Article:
2008, and in 2009 the Turkish economy was affected by the global financial crisis, with a recession of 5%. The economy was estimated to have returned to 8% growth in 2010.
In the early years of this century the chronically high inflation was brought under control and this led to the launch of a new currency, the Turkish new lira, on 1 January 2005, to cement the acquisition of the economic reforms and erase the vestiges of an unstable economy. On 1 January 2009, the new Turkish lira was renamed once again as the Turkish lira, with the introduction of new banknotes and coins. As a result of continuing economic reforms, inflation dropped to 8% in 2005, and the unemployment rate to 10%.
Tourism in Turkey has experienced rapid growth in the last twenty years, and constitutes an important part of the economy. In 2008 there were 31 million visitors to the country, who contributed $22 billion to Turkey's revenues. Other key sectors of the Turkish economy are banking, construction, home appliances, electronics, textiles, oil refining, petrochemical products, food, mining, iron and steel, machine industry and automotive. Turkey has a large and growing automotive industry, which produced 1,147,110 motor vehicles in 2008, ranking as the 6th largest producer in Europe (behind the United Kingdom and above Italy) and the 15th largest producer in the world. Turkey is also one of the leading shipbuilding nations; in 2007 the country ranked 4th in the world (behind China, South Korea and Japan) in terms of the number of ordered ships, and also 4th in the world (behind Italy, USA and Canada) in terms of the number of ordered mega yachts.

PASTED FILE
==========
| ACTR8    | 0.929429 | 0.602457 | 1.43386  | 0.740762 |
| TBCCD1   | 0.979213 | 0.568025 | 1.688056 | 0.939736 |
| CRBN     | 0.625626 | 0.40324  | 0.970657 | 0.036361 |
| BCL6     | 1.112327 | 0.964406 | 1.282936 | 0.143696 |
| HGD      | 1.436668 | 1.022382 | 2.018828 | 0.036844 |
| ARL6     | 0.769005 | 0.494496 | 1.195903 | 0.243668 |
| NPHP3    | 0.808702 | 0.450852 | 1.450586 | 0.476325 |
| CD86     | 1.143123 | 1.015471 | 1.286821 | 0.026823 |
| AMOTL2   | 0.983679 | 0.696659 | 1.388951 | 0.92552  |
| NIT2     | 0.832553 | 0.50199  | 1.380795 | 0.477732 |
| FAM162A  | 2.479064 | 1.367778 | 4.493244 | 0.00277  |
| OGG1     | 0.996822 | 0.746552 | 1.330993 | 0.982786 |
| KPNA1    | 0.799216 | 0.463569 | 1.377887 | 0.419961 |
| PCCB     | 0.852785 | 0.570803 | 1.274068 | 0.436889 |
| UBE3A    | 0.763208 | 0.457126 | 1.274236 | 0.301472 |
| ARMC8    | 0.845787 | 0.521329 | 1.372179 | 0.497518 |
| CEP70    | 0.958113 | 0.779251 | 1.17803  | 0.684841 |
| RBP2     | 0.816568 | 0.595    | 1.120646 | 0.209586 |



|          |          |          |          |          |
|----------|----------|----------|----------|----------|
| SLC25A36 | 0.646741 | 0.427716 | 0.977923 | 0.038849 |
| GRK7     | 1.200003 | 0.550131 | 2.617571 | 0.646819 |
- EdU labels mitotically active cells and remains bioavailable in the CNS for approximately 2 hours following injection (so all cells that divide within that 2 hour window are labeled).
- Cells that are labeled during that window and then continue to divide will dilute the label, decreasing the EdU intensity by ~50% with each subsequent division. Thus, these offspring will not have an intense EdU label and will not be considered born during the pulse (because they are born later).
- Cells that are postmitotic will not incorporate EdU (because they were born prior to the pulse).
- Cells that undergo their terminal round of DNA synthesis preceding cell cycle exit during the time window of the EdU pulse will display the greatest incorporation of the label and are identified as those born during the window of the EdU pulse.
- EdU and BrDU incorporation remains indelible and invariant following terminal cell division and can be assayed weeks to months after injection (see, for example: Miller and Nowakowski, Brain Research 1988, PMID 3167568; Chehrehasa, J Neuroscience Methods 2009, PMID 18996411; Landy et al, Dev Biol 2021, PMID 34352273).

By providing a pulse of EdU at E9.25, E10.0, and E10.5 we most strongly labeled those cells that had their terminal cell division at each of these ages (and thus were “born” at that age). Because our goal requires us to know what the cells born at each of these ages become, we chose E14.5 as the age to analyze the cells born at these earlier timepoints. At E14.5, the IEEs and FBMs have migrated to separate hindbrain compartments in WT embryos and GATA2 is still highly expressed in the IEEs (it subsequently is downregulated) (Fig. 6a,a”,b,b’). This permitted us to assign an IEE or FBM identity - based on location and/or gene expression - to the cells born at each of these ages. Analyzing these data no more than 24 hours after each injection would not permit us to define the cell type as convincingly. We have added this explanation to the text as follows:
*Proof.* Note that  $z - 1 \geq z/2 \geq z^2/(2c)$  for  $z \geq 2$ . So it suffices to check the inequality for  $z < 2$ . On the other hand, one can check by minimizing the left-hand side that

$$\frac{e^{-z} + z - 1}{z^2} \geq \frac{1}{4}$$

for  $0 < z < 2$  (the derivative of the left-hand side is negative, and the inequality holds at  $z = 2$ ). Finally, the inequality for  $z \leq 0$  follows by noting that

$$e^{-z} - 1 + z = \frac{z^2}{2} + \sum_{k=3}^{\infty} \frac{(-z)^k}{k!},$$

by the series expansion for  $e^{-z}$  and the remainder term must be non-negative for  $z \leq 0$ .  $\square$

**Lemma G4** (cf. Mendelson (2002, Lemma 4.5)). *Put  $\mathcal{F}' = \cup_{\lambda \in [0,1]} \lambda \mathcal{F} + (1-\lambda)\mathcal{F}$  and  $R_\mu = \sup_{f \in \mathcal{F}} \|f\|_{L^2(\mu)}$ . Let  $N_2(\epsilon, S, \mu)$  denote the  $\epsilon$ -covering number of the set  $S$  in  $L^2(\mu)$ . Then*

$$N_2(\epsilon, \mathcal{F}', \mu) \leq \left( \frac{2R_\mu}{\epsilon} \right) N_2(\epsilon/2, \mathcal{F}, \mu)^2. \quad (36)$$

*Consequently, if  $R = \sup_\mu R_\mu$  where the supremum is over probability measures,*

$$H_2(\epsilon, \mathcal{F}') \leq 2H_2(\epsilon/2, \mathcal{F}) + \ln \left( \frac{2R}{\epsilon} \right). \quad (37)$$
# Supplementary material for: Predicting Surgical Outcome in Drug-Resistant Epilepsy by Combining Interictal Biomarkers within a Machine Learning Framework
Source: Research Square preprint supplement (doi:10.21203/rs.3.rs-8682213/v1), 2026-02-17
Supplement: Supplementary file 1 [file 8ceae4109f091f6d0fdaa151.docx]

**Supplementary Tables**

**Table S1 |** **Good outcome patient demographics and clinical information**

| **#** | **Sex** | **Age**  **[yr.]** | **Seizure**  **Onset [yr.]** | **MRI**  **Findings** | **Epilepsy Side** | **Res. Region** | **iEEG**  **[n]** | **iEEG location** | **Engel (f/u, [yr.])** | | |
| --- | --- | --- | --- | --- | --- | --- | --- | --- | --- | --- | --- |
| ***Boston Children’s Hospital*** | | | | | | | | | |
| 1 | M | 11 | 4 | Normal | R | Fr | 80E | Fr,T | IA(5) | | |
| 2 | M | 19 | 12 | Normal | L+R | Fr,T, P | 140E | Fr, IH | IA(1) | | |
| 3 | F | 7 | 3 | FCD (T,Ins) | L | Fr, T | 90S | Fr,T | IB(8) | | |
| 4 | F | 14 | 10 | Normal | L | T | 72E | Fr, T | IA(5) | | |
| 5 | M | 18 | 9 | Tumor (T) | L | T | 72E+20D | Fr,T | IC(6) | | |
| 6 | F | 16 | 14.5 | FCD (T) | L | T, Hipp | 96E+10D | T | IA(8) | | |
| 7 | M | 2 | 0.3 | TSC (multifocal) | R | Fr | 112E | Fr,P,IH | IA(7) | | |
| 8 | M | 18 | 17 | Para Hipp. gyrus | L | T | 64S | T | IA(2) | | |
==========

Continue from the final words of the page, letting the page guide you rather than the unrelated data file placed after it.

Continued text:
Turkey's economy is becoming more dependent on industry in major cities, mostly concentrated in the western provinces of the country, and less on agriculture. However, traditional agriculture is still a major pillar of the Turkish economy. In 2010, the agricultural sector accounted for 9% of GDP, while the industrial sector